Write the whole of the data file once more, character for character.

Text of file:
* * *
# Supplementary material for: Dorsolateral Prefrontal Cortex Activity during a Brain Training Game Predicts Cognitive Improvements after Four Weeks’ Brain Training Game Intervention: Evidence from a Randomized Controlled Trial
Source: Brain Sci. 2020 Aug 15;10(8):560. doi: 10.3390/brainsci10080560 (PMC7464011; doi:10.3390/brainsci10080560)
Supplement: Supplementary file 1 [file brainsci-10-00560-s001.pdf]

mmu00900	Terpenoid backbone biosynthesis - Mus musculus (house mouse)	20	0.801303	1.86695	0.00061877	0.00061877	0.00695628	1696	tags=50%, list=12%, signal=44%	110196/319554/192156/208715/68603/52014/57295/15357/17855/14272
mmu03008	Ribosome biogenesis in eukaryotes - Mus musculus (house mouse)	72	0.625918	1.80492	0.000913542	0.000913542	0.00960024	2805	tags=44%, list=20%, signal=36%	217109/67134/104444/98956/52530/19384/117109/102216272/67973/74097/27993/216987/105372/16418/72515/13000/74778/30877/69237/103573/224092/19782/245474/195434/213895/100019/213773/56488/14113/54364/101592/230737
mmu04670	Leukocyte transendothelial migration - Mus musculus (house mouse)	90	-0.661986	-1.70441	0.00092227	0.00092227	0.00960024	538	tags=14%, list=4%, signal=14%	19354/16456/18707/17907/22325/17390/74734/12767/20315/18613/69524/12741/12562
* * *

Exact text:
# Supplementary material for: Dorsolateral Prefrontal Cortex Activity during a Brain Training Game Predicts Cognitive Improvements after Four Weeks’ Brain Training Game Intervention: Evidence from a Randomized Controlled Trial
Source: Brain Sci. 2020 Aug 15;10(8):560. doi: 10.3390/brainsci10080560 (PMC7464011; doi:10.3390/brainsci10080560)
Supplement: Supplementary file 1 [file brainsci-10-00560-s001.pdf]

mmu00900	Terpenoid backbone biosynthesis - Mus musculus (house mouse)	20	0.801303	1.86695	0.00061877	0.00061877	0.00695628	1696	tags=50%, list=12%, signal=44%	110196/319554/192156/208715/68603/52014/57295/15357/17855/14272
mmu03008	Ribosome biogenesis in eukaryotes - Mus musculus (house mouse)	72	0.625918	1.80492	0.000913542	0.000913542	0.00960024	2805	tags=44%, list=20%, signal=36%	217109/67134/104444/98956/52530/19384/117109/102216272/67973/74097/27993/216987/105372/16418/72515/13000/74778/30877/69237/103573/224092/19782/245474/195434/213895/100019/213773/56488/14113/54364/101592/230737
mmu04670	Leukocyte transendothelial migration - Mus musculus (house mouse)	90	-0.661986	-1.70441	0.00092227	0.00092227	0.00960024	538	tags=14%, list=4%, signal=14%	19354/16456/18707/17907/22325/17390/74734/12767/20315/18613/69524/12741/12562